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US, China work to clear diplomatic air. Diplomats' ouster comes on top of trade, arms, human rights disputes

Peking and Washington have played down the ouster of two Chinese diplomats from the United States in an effort to prevent unprecedented tension from disrupting ties. The envoys' expulsion for activities ``incompatible with their diplomatic status,'' or spying, climaxed a year in which discord between the two nations reached a level unmatched since ties were established in 1979.

However, top Chinese and US diplomats have pledged to prevent continued wrangles over human rights, textile trade, and arms sales to third powers from damaging a relationship of strategic and commercial value.

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Chinese Foreign Ministry spokesman Ma Yuzhen yesterday restated a Chinese protest of the ouster, calling it a ``frame-up.'' But he also said, ``I would like to stress that we are opposed to any action that may poison the atmosphere between China and the United States....''

US officials have handled the incident just as gingerly. The State Department did not announce the expulsions until a week after it asked for the diplomats' recall on Dec. 22 and declined to elaborate on the case.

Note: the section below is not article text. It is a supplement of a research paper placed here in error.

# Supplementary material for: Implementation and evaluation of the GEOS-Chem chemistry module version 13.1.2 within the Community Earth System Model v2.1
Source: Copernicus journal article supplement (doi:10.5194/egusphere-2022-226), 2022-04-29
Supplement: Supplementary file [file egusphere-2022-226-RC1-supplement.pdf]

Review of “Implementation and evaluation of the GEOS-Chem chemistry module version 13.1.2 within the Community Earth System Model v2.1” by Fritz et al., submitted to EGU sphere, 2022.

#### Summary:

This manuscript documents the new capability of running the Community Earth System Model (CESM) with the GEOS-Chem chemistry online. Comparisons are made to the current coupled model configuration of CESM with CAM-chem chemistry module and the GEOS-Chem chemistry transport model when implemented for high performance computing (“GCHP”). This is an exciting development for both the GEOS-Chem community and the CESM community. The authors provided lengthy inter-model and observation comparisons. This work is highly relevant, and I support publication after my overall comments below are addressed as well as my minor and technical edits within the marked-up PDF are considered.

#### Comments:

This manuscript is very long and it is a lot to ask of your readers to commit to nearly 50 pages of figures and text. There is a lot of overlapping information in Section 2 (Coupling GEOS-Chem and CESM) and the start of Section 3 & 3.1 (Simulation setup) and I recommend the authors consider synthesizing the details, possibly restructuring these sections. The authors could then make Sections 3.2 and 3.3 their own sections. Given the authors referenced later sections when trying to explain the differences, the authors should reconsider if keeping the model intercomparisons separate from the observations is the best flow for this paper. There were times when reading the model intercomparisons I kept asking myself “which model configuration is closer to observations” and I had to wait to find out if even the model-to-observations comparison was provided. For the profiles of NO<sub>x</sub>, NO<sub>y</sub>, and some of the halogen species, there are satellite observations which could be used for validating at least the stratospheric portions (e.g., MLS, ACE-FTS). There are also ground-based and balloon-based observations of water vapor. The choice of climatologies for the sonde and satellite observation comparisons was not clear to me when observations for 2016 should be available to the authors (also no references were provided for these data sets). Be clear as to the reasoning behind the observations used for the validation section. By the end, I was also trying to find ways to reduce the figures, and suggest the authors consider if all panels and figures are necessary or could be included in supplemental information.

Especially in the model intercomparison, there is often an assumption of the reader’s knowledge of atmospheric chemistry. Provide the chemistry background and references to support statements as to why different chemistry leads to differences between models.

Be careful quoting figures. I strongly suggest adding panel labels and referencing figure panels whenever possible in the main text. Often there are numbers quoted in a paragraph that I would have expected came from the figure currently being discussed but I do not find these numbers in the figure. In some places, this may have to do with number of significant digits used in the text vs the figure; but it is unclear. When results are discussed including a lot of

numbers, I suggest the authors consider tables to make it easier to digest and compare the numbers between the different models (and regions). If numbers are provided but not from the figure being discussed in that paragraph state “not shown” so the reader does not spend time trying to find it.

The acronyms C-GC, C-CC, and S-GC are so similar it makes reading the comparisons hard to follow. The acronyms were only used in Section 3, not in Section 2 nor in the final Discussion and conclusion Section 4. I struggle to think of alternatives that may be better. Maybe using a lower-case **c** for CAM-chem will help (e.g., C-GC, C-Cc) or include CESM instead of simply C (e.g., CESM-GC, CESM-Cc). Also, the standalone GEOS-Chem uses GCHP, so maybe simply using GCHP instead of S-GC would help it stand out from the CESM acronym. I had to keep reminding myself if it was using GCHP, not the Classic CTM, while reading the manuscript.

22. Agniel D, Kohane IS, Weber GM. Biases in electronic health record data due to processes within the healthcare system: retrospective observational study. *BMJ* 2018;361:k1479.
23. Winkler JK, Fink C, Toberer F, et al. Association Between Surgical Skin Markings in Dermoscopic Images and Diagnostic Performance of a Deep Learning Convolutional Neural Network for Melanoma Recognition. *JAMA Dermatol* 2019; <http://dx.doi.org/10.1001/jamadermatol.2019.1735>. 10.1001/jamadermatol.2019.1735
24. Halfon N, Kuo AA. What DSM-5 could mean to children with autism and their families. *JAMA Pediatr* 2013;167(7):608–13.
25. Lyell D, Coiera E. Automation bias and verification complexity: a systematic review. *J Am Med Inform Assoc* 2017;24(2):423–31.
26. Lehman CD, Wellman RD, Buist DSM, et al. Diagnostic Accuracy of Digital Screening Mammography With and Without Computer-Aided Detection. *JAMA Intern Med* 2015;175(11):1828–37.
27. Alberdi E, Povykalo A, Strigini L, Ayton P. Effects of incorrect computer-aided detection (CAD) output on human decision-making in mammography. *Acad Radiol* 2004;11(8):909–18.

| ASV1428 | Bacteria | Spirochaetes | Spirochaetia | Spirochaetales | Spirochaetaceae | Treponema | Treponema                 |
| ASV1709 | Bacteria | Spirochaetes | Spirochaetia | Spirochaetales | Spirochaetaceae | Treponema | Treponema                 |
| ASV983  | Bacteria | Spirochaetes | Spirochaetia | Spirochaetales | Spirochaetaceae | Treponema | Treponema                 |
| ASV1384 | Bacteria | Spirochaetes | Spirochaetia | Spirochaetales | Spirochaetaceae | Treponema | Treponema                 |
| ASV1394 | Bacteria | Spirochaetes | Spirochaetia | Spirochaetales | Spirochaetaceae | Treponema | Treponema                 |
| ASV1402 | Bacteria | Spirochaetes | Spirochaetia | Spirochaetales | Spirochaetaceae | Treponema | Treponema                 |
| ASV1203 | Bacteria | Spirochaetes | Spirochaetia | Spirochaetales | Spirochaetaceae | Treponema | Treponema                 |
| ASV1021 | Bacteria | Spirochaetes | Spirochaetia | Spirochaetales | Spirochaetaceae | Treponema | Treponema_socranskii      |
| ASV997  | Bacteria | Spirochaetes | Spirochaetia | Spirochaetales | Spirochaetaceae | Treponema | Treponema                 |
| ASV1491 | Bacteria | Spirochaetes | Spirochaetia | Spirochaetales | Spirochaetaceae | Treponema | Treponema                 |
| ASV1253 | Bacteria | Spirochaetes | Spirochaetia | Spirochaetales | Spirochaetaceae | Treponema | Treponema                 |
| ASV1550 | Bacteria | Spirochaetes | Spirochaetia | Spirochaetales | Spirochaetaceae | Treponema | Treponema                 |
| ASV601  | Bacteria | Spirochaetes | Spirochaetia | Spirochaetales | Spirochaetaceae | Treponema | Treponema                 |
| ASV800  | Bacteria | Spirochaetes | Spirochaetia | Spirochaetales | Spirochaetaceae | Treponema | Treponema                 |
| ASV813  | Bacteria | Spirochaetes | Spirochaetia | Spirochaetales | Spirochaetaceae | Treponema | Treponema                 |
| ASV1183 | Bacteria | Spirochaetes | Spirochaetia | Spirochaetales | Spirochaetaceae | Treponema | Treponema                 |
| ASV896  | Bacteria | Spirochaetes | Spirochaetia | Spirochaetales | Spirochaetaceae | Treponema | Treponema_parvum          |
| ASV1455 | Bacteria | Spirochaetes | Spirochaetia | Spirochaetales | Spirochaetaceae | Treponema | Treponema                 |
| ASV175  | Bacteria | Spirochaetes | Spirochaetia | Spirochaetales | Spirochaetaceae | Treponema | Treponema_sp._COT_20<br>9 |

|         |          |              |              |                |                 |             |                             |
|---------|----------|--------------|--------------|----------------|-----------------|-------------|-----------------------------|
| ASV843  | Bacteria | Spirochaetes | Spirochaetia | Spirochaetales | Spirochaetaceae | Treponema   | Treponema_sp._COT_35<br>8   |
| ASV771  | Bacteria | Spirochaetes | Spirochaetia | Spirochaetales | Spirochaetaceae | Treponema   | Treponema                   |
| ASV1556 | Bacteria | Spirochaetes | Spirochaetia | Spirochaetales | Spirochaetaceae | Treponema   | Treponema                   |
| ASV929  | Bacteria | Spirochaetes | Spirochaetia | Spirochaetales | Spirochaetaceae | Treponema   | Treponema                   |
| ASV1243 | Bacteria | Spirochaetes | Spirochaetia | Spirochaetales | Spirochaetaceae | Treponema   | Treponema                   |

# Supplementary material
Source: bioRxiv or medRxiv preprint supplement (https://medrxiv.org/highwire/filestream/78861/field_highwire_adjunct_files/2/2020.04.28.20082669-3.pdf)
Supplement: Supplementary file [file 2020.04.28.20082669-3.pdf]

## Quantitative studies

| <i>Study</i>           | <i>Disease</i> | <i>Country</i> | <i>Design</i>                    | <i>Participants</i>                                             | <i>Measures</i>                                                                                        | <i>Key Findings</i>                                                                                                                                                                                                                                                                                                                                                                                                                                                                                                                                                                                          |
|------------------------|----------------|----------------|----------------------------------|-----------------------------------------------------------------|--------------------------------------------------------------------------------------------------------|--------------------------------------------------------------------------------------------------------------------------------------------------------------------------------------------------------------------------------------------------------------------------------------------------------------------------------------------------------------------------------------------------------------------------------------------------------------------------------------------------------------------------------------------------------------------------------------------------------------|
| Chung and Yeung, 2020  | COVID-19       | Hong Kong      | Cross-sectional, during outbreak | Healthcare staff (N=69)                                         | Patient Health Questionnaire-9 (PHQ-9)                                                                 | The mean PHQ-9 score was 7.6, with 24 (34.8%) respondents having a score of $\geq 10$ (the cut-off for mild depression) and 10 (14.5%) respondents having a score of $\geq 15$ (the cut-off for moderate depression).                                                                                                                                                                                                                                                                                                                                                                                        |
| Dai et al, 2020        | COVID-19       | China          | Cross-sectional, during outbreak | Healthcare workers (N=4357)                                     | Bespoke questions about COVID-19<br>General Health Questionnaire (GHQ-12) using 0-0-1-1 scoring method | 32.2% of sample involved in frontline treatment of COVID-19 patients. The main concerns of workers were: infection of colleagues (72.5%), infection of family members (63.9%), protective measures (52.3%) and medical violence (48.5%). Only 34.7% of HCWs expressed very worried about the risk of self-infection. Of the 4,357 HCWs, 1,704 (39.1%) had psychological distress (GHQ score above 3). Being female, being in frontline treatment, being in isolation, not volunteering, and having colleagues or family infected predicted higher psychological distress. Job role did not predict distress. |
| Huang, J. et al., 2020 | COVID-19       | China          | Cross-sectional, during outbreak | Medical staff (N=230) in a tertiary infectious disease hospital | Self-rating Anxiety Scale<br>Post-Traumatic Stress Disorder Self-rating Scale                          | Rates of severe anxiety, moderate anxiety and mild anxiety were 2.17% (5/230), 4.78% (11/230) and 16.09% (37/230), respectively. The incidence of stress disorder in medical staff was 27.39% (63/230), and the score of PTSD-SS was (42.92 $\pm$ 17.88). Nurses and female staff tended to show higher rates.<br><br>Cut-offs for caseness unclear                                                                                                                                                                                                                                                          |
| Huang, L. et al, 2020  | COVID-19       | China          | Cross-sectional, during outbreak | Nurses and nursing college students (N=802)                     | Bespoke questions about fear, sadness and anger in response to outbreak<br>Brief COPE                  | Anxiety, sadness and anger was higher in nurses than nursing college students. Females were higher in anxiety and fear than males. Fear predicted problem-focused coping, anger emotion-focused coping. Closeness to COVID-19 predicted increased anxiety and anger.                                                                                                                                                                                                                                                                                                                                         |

``It's no secret we ran into a difficult period in the last couple of months,'' said a leading US Embassy official, who asked not to be identified. ``But the basic relationship is in sound shape.''

US-Chinese trade was expected to total a record $8 billion in 1987, with US direct investment in China reaching $2.7 billion. Both nations have gained significant strategic advantages from improved ties.

There are no signs the two have eliminated the causes of numerous diplomatic strains last year. Tensions continue over alleged Chinese arms shipments to Iran and congressional denunciations of China's human rights record in Tibet.

In the latest issue of the official Peking Review, Han Xu, China's US ambassador, denounced a reference to human rights in China in the foreign relations authorization bill passed last month by the US Congress as ``interference in China's internal affairs [that has] hurt the feelings of the Chinese people.''

The act urges the Reagan administration to encourage China to release political prisoners in Tibet.

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The Chinese ambassador also chided Congress for urging the Asian Development Bank in a recent bill to reconsider designating Taiwan as the Republic of China. Peking bases normal Sino-US ties on the condition that Washington recognize Taiwan as part of China.

The two powers also have clashed over trade, with China resisting US restrictions on Chinese textile imports. After months of talks, China agreed last month to restrain annual growth of imports to 3 percent over each of the next four years, a sharp cut from the average 45 percent annual increase since 1980.

The US recently halted a review of technology suitable for export to China, alleging that China is shipping arms to Iran.

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